What Styles are There?

When it comes to period underwear there are various styles from g-strings (although we have never used those) to full brief and swimmers. You have quite a selection to choose from.

For menstrual cups, there are different sizes and the tab at the end can be trimmed to suit your comfort level.

How Often Should you Change Period Underwear?

Every 4 to 6 hours or as needed if your flow is heavier. You can wear one pair overnight (which is what we do). You should not be wearing the one pair all day as that is unhygienic.

Menstrual cups can be worn for up to 12 hours, depending on your flow.

Isn’t it Gross?

Changing period underwear isn’t any different to changing your regular underwear unless it’s been heavy then you need to be a little more careful taking it off. In general, no, it’s not gross. It’s a natural thing your body does, be hygienic and smart about it the same as your regular period.

Menstrual cups can be a little trickier. It might take a while to get used to inserting it correctly to seal properly so sometimes you will get leakage.

Taking it out requires a little practice too but once you are used to it, it’s easy. You wash your hands and it’s not much different to a tampon.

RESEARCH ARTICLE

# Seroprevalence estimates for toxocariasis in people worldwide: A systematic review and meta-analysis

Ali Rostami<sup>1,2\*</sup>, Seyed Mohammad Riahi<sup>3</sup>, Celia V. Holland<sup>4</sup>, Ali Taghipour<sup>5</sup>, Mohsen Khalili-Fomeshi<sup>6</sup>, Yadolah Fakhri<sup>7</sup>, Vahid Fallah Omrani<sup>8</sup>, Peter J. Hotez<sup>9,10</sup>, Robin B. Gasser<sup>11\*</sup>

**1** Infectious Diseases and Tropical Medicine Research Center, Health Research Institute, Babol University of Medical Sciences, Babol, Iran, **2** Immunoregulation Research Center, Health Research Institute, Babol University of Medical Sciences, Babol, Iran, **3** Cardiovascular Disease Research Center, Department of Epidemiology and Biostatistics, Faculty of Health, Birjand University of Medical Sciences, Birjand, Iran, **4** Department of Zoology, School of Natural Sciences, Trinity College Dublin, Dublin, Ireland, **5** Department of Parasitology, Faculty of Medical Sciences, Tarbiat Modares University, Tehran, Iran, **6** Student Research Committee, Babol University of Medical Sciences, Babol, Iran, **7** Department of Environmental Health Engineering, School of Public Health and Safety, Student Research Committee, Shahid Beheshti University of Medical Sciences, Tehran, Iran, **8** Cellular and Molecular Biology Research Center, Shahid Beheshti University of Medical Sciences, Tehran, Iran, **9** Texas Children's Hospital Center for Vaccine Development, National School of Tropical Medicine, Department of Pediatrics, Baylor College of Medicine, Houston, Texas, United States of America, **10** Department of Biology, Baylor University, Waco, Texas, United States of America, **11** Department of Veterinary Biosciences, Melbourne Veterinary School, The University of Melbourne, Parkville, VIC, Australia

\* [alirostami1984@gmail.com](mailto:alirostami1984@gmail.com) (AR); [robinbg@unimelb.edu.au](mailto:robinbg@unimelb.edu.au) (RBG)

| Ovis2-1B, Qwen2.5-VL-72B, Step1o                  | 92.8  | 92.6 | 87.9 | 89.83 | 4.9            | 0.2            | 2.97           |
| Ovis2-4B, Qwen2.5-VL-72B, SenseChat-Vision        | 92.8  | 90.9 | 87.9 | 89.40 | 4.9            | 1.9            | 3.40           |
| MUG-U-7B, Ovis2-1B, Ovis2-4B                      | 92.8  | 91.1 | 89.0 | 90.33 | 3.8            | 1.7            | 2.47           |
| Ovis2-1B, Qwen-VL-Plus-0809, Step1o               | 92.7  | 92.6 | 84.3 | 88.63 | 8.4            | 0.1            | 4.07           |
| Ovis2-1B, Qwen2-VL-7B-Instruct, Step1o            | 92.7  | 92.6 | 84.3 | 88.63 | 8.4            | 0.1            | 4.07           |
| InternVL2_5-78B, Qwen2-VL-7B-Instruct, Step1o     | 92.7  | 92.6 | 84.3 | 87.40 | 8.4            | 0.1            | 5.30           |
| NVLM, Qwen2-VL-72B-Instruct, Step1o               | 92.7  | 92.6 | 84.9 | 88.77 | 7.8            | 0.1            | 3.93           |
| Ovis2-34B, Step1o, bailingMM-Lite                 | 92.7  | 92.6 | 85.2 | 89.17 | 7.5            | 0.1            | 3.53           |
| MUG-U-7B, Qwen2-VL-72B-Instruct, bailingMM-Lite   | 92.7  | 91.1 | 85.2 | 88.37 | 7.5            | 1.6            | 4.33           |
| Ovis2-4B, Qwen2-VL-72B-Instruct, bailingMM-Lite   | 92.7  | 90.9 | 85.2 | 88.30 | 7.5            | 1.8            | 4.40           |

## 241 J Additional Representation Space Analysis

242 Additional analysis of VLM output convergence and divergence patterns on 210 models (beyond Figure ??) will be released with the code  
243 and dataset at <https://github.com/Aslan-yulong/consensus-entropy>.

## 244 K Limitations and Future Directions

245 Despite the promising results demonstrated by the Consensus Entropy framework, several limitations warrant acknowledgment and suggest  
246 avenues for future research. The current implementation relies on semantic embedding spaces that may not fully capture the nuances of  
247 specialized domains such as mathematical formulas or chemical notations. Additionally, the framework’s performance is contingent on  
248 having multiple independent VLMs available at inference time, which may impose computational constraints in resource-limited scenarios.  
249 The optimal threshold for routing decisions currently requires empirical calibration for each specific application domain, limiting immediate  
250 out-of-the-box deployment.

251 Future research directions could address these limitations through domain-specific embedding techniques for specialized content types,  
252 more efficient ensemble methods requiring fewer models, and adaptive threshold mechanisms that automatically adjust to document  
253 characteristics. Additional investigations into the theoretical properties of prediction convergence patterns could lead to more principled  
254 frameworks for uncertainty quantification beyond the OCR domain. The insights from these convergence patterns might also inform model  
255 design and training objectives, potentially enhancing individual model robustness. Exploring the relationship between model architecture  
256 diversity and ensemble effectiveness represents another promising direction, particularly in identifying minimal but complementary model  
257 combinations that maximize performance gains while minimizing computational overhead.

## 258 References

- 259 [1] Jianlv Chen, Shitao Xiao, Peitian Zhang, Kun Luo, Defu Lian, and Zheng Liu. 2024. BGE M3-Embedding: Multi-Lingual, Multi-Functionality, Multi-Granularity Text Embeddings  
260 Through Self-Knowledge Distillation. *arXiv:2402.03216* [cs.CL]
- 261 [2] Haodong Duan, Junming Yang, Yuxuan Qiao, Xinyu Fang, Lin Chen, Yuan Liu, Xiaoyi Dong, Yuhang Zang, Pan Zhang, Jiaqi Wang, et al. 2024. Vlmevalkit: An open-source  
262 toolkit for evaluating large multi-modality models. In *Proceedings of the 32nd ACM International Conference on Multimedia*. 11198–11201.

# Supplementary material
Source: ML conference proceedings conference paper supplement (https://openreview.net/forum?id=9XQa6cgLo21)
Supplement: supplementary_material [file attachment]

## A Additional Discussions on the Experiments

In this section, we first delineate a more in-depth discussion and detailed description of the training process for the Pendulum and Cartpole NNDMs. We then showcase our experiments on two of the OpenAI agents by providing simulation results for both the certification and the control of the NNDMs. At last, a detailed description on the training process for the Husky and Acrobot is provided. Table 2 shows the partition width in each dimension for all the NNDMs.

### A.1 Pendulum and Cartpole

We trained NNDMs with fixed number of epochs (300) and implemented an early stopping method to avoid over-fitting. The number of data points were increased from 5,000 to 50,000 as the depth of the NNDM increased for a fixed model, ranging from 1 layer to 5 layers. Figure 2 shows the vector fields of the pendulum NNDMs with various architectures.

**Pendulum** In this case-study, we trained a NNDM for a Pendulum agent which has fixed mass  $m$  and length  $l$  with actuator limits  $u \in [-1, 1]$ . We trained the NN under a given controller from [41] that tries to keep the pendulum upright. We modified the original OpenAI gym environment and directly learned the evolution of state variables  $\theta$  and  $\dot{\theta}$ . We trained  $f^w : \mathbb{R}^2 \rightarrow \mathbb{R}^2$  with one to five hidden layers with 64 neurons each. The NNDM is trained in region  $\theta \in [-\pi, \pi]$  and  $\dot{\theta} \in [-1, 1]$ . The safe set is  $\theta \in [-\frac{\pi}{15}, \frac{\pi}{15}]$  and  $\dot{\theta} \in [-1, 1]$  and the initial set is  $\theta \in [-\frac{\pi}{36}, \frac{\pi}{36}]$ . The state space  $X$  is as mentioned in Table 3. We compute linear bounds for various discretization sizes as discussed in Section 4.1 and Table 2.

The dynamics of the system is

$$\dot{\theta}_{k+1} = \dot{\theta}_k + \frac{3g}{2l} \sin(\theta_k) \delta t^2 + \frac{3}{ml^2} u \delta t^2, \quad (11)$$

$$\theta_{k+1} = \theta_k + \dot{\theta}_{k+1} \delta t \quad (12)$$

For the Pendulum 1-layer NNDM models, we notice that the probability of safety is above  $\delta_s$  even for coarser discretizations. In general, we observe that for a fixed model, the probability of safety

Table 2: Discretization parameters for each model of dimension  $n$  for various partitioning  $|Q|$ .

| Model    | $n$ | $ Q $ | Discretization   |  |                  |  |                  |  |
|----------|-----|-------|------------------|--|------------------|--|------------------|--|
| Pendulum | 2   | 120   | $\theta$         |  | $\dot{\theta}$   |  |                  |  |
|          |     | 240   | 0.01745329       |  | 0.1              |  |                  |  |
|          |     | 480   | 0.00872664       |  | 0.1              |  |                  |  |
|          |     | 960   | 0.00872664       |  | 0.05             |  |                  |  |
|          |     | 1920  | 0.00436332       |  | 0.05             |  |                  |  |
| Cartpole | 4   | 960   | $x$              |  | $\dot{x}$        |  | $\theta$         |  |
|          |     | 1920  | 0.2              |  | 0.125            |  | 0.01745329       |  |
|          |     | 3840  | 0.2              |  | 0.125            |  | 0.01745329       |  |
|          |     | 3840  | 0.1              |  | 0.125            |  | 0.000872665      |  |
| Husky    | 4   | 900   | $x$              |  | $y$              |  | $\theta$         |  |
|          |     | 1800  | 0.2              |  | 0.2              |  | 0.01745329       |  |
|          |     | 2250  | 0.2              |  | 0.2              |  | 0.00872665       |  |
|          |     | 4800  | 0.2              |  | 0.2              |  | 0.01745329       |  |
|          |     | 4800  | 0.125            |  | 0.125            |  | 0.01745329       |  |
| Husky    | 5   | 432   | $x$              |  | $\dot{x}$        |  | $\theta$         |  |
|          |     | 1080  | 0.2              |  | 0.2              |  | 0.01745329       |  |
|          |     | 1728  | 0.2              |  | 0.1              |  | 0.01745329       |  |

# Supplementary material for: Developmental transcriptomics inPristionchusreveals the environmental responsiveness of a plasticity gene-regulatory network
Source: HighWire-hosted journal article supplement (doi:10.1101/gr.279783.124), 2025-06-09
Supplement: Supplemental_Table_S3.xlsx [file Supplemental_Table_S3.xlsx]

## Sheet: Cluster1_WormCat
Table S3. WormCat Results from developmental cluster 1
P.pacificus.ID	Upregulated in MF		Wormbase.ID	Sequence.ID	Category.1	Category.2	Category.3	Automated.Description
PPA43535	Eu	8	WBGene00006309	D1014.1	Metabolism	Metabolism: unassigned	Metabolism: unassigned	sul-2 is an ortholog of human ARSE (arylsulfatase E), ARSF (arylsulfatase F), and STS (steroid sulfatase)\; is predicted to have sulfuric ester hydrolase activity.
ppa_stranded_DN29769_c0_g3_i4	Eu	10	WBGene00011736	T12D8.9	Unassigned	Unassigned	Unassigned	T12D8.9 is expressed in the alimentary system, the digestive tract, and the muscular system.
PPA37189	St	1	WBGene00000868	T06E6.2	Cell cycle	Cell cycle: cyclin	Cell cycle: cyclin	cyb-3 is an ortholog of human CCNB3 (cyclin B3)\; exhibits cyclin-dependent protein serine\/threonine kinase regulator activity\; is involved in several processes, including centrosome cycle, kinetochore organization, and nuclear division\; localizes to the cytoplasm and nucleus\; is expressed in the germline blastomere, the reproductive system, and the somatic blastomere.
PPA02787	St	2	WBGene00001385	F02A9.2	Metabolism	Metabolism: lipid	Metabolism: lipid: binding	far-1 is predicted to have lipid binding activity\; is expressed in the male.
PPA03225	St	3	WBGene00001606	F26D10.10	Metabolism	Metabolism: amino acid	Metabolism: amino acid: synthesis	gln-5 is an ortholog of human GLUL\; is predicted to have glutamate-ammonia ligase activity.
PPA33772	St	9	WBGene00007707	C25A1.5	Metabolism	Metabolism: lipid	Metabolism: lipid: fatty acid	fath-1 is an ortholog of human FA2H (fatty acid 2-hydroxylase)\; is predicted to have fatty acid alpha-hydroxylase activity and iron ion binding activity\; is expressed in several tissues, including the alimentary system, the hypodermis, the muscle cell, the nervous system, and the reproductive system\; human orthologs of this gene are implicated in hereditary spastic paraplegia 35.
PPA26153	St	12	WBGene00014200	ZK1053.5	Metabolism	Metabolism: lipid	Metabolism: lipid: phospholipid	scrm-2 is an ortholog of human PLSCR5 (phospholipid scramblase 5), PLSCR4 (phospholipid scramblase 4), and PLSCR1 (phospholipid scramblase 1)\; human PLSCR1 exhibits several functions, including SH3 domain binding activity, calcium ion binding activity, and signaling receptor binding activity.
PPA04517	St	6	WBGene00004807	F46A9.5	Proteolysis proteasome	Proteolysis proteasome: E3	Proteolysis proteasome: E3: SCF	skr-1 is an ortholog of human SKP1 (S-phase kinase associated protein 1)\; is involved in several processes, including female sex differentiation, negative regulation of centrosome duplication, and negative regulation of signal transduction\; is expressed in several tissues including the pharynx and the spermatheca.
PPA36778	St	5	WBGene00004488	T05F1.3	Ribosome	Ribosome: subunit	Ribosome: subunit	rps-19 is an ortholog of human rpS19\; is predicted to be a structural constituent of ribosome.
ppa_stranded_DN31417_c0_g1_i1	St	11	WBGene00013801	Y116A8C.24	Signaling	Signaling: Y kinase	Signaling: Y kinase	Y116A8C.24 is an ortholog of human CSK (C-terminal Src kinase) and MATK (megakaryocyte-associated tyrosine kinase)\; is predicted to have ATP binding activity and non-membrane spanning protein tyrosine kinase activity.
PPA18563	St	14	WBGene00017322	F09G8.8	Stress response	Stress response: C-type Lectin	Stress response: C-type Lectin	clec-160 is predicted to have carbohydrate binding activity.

How do you Swim?

Period swimmers are preferable as period underwear will leak. In general, I use a menstrual cup when in the water as I prefer that.

Which Brands are Best?

Many girls I know prefer Bonds since most grow up wearing Bonds or similar and it is an easy transition for teens/preteens. I personally prefer Love Luna, a few friends like ModiBodi better. There are reviews on various brands below.

I don’t know what brand my cup is so can’t include them in the review. However, friends who have started using the cup because of me got theirs from Woolworths.

Bonds – Our Favourite

Bonds have a great range easily available in supermarkets plus often go on sale for 25% off. You can also select from heavy or light flow and full brief or bikini.